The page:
The first manifestation of God is ether or sound. Sound is the guna, or quality, of ether. Sounds are vibrations and give rise to definite forms. Each sound produces a form in the invisible world, and combinations of sound create complicated shapes.
Scientific textbooks describe experiments which show that notes produced by certain instruments trace on a bed of sand definite geometrical figures. Thus it has been demonstrated that rhythmical vibrations give rise to regular geometrical figures.
Various musical tunes of ragas and raginis, musical scales, each have a particular shape which can be graphically described. The shape of the Megha raga, or the cloud raga, is said to be a majestic figure seated on an elephant. The shape of the Basanta raga, or spring raga, is described as a beautiful youth decked with flowers. This means that a particular raga or ragini, when accurately sung, produces aerial, etheric vibrations which create certain characteristic shapes.
This view has recently received corroborations from experiments carried out by Mrs. Watts Hughes, the gifted author of Voice Figures. She delivered illustrated lectures before a select audience to demonstrate the beautiful scientific discoveries, the result of many years of patient labour.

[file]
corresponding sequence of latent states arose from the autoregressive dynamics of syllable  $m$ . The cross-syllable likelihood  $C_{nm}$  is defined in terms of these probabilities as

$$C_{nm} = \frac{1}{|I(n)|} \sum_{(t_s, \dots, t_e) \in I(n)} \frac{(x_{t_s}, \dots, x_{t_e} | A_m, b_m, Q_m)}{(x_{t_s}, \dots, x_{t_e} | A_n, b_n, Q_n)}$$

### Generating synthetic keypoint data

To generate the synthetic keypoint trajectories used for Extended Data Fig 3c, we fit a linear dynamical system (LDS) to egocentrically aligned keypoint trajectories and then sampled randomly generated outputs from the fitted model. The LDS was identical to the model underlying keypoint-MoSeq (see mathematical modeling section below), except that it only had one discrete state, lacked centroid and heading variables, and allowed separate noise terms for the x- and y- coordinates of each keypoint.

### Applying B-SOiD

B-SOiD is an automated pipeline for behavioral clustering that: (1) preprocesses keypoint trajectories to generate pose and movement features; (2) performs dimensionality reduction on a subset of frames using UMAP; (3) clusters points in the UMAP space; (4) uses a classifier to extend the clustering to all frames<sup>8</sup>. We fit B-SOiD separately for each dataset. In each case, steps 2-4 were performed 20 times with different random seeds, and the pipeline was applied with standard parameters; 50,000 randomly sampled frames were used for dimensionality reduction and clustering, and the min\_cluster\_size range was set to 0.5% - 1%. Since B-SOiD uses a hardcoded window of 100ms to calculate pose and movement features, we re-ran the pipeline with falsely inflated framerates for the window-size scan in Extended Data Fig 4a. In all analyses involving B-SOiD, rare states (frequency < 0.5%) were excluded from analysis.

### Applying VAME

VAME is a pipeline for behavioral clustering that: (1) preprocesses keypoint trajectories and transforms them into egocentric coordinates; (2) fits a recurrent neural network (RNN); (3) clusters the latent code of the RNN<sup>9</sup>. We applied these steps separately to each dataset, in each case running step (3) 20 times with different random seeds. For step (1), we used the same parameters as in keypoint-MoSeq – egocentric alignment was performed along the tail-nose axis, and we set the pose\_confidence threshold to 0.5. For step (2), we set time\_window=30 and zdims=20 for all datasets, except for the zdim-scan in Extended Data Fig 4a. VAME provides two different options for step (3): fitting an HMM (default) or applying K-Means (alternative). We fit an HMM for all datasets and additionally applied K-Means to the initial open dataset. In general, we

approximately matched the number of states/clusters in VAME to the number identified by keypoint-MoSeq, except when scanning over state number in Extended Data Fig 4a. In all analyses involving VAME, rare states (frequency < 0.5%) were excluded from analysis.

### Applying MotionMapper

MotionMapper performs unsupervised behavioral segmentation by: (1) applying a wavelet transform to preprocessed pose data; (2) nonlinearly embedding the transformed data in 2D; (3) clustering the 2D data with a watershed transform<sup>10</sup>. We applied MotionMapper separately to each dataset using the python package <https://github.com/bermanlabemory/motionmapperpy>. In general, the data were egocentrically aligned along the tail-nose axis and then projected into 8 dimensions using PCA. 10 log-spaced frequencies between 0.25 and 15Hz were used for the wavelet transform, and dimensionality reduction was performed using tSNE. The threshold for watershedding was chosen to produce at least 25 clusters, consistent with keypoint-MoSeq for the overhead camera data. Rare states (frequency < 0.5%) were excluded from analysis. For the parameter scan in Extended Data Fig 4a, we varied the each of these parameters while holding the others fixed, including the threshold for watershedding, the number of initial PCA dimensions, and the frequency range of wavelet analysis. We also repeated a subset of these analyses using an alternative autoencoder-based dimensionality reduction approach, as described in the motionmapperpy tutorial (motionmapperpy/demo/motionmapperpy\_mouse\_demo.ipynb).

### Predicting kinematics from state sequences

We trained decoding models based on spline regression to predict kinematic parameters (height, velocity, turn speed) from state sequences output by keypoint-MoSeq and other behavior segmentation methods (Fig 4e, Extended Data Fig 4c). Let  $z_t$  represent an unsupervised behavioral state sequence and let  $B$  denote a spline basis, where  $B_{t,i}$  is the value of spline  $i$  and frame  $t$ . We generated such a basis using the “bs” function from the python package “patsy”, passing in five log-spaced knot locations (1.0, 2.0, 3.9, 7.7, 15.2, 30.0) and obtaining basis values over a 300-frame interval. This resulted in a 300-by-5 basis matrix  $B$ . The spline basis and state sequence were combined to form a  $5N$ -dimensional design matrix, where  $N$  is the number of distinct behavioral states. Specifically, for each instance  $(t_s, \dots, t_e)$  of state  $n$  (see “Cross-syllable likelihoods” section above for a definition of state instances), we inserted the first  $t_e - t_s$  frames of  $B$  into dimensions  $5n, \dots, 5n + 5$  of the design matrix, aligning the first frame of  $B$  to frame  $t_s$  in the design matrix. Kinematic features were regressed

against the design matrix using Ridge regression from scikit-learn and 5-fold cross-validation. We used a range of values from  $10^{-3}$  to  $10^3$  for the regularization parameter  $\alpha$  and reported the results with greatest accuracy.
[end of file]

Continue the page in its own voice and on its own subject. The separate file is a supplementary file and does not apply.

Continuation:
Mrs. Hughes sang into a simple instrument called an eidophone which consisted of a tube, a receiver and a flexible membrane. At the outset of her lecture, she placed tiny seeds upon the flexible membrane. As she sang the notes through the instrument, the resulting air vibrations danced the tiny seeds into definite geometric patterns.
A reporter described the shapes of the notes as remarkable revelations of geometry, perspective and shading and spoke of them as, “Stars, spirals, snakes, wonders in wheels and imagination rioting in a wealth of captivating methodical designs.”
Once, when Mrs. Hughes sang a note, a daisy appeared and disappeared. She said “I tried to sing it back for weeks and at last I succeeded.” She learnt the precise inflections of the particular note that create a daisy. It was made constant and definite by a strange method of coaxing and alteration of crescendo and diminuendo. After the audience had gazed enraptured, a series of daisies, some with succeeding rows of petals, were sung into creation.
The audience was then shown the physical form of other notes, such as pansies of great beauty. The flowers were followed by sea-monsters, serpentine forms of great swelling and rotundity, full of light, shade and detail. Then notes were sung depicting trees, trees with fruit falling to the ground, trees with a foreground of rocks, and trees with the sea behind. People in the audience exclaimed, that they were just like Japanese landscapes.